But Adrian is so easy to love. He really is a lovely little fella and falling in love with him was quick and felt as natural to me as it had with any of my other babies. He bonded with me pretty quickly too.
Soon the Autumn turned to Winter and we cosied down to our new family routines. The boys coped exceptionally well with their new roles as Bro-Uncles and a strong bond built up between them all. Adrian sprouted hair and turned down the vomit phaser as his NG tube related swallowing reflex toughened up. solids were starting to go down without the sick pools we had become hardened to seeing at the dinner table. Adrian’s mobility improved, crawling about and bumping into things almost weekly. We battened down the hatches as he began to get around and half our furniture was wrapped in bubble wrap and pool noodles to prevent further injuries.
Adrian’s first birthday came and teeth sprouted. Then Christmas came and went in flurry of excitement.
Spring brought better results for feeding Adrian and he slowly gained weight and strength in his legs. By mid spring he was up on his feet and finally thriving with on his low potassium, Phosphate and Sodium diet. It really seemed that Adrian’s CKD was just a slight inconvenience to feeding and regular medication. Oh and those weekly subcutaneous EPO injections of course. And the monthly bloods…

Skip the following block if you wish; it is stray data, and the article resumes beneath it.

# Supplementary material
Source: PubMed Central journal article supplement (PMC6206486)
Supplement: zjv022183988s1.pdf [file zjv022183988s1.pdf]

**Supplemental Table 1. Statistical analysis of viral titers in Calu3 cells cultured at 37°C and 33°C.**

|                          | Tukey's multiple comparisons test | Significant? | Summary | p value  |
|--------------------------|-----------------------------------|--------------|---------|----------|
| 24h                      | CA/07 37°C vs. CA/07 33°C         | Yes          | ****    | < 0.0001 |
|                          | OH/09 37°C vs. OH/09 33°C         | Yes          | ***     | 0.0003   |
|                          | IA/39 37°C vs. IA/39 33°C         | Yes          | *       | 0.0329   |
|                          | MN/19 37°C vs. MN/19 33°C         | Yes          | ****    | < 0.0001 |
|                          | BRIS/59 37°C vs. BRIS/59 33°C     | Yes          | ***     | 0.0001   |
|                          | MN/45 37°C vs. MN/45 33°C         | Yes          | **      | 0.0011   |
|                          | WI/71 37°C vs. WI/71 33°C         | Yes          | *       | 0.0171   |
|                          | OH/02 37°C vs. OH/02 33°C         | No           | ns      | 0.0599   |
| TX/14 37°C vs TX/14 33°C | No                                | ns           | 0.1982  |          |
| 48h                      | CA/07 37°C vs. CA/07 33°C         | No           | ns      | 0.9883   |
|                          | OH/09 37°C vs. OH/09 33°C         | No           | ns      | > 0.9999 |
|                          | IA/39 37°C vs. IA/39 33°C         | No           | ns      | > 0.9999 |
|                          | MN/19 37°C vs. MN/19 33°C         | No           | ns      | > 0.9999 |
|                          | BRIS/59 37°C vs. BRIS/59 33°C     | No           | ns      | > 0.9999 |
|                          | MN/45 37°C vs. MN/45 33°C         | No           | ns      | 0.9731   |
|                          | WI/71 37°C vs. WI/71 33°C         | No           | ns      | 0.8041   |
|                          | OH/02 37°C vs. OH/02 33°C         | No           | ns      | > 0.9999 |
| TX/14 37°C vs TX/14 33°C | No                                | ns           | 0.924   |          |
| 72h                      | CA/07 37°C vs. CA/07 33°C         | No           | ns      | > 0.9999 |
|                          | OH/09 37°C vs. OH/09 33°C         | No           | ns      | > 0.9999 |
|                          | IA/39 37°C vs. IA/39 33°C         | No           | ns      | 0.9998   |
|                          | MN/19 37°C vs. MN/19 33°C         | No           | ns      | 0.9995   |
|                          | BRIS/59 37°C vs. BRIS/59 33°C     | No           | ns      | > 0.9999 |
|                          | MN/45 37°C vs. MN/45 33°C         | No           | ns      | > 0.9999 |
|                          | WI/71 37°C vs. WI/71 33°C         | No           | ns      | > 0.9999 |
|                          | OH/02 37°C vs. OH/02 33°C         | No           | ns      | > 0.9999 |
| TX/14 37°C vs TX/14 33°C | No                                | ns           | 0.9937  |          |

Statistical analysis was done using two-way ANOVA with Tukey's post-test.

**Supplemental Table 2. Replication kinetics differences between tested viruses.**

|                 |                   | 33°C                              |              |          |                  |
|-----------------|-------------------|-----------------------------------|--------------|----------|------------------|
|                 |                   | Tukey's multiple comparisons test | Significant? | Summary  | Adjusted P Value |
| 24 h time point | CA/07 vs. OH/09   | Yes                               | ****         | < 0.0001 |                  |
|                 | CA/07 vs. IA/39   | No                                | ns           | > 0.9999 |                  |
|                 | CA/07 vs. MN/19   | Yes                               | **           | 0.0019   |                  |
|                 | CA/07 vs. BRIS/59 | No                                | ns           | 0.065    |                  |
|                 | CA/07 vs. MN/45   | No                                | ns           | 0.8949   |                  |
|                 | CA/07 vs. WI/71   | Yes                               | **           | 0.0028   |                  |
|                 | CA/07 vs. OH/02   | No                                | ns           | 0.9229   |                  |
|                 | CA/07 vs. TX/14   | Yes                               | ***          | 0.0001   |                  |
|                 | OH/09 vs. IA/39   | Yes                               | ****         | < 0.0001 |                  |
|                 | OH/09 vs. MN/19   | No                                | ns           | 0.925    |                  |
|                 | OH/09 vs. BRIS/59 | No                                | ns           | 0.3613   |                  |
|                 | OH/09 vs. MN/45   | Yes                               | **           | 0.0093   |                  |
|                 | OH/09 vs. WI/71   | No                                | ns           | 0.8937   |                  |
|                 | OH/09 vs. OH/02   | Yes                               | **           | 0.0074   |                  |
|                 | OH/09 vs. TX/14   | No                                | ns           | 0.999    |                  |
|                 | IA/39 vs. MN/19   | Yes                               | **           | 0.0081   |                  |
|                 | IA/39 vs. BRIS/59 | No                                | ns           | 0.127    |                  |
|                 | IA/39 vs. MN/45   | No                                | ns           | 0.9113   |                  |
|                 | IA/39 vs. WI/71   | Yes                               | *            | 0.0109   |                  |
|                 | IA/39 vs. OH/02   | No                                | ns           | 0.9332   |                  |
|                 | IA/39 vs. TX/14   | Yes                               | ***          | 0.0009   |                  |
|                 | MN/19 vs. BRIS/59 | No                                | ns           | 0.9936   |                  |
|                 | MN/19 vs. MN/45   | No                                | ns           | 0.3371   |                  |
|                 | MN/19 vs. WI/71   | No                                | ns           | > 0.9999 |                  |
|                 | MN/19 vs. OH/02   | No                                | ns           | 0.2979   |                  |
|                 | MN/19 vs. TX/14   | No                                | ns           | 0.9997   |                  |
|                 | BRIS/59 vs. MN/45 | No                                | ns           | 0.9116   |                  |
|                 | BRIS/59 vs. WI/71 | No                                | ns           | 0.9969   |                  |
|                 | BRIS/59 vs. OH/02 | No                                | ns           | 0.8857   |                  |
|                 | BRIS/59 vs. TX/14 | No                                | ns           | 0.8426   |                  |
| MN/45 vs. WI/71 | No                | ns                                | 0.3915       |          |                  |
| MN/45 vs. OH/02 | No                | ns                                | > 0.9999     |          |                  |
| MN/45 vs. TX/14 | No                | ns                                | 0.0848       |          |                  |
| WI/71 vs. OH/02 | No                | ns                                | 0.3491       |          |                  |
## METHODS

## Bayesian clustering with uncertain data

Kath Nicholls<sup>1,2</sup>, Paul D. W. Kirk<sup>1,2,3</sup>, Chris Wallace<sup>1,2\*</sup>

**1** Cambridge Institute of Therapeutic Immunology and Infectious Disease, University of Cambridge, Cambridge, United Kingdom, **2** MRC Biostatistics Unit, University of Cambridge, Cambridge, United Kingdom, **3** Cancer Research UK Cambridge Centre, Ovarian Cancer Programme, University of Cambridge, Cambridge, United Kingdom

In April we had a letter from Nottingham Children’s Hospital with an appointment for Adrian to have a follow-up cystoscopy to check his ureters for strictures. Although the appointment was a day procedure, it was still a massive cause of anxiety to me. We live almost 180 miles from the specialists at QMC, and I was worried about every aspect of the trip, the physical invasion Adrian would undergo, the four-hour journey and leaving my boys at home with an altered routine and their own bunch of worries. When it came to the day of the operation all went well. I’d packed for every eventuality and my sister-in-law accompanied us for moral support on the road trip.We left at 3am with a sleeping Adrian and drove through the night, arriving after dawn with Adrian just stirring. All went well with the anesthetic and the cystoscopy went without problems, we were allowed to go home just after lunch. We got straight on the road, but sat nav programming issues caused a detour across five or six counties in on an uncharacteristically hot day for late april. We finally made it home at about 8pm some 19 hours after we left.